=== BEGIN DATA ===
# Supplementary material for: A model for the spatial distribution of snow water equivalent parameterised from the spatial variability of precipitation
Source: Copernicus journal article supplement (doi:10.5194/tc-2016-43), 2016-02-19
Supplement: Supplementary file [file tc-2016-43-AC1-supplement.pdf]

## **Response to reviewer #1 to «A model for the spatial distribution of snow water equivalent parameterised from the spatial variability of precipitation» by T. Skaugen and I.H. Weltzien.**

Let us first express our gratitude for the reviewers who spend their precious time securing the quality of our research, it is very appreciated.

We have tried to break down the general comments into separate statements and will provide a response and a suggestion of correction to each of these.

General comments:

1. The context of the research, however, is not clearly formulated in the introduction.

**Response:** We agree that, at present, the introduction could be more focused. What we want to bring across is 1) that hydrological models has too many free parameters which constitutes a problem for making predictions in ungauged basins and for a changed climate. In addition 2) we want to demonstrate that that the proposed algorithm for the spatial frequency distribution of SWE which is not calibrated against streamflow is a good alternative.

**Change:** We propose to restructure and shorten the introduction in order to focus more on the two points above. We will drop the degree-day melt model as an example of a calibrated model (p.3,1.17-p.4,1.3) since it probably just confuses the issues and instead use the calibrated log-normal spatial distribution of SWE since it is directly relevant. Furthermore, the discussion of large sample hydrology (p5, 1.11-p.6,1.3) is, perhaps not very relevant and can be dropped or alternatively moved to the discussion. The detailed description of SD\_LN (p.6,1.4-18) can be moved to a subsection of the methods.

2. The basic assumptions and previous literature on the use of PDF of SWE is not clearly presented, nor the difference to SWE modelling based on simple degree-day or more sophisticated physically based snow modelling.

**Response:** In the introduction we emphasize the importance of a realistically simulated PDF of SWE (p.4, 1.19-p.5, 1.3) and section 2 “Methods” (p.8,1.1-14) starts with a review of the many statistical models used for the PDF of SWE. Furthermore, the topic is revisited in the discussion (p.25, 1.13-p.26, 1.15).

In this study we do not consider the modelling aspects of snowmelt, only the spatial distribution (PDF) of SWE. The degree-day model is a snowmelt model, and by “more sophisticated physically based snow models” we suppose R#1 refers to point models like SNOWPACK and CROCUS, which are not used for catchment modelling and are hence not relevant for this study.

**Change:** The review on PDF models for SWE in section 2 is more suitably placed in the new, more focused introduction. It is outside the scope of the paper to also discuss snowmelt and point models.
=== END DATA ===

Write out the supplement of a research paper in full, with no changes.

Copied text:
# Supplementary material for: A model for the spatial distribution of snow water equivalent parameterised from the spatial variability of precipitation
Source: Copernicus journal article supplement (doi:10.5194/tc-2016-43), 2016-02-19
Supplement: Supplementary file [file tc-2016-43-AC1-supplement.pdf]

## **Response to reviewer #1 to «A model for the spatial distribution of snow water equivalent parameterised from the spatial variability of precipitation» by T. Skaugen and I.H. Weltzien.**

Let us first express our gratitude for the reviewers who spend their precious time securing the quality of our research, it is very appreciated.

We have tried to break down the general comments into separate statements and will provide a response and a suggestion of correction to each of these.

General comments:

1. The context of the research, however, is not clearly formulated in the introduction.

**Response:** We agree that, at present, the introduction could be more focused. What we want to bring across is 1) that hydrological models has too many free parameters which constitutes a problem for making predictions in ungauged basins and for a changed climate. In addition 2) we want to demonstrate that that the proposed algorithm for the spatial frequency distribution of SWE which is not calibrated against streamflow is a good alternative.

**Change:** We propose to restructure and shorten the introduction in order to focus more on the two points above. We will drop the degree-day melt model as an example of a calibrated model (p.3,1.17-p.4,1.3) since it probably just confuses the issues and instead use the calibrated log-normal spatial distribution of SWE since it is directly relevant. Furthermore, the discussion of large sample hydrology (p5, 1.11-p.6,1.3) is, perhaps not very relevant and can be dropped or alternatively moved to the discussion. The detailed description of SD\_LN (p.6,1.4-18) can be moved to a subsection of the methods.

2. The basic assumptions and previous literature on the use of PDF of SWE is not clearly presented, nor the difference to SWE modelling based on simple degree-day or more sophisticated physically based snow modelling.

**Response:** In the introduction we emphasize the importance of a realistically simulated PDF of SWE (p.4, 1.19-p.5, 1.3) and section 2 “Methods” (p.8,1.1-14) starts with a review of the many statistical models used for the PDF of SWE. Furthermore, the topic is revisited in the discussion (p.25, 1.13-p.26, 1.15).

In this study we do not consider the modelling aspects of snowmelt, only the spatial distribution (PDF) of SWE. The degree-day model is a snowmelt model, and by “more sophisticated physically based snow models” we suppose R#1 refers to point models like SNOWPACK and CROCUS, which are not used for catchment modelling and are hence not relevant for this study.

**Change:** The review on PDF models for SWE in section 2 is more suitably placed in the new, more focused introduction. It is outside the scope of the paper to also discuss snowmelt and point models.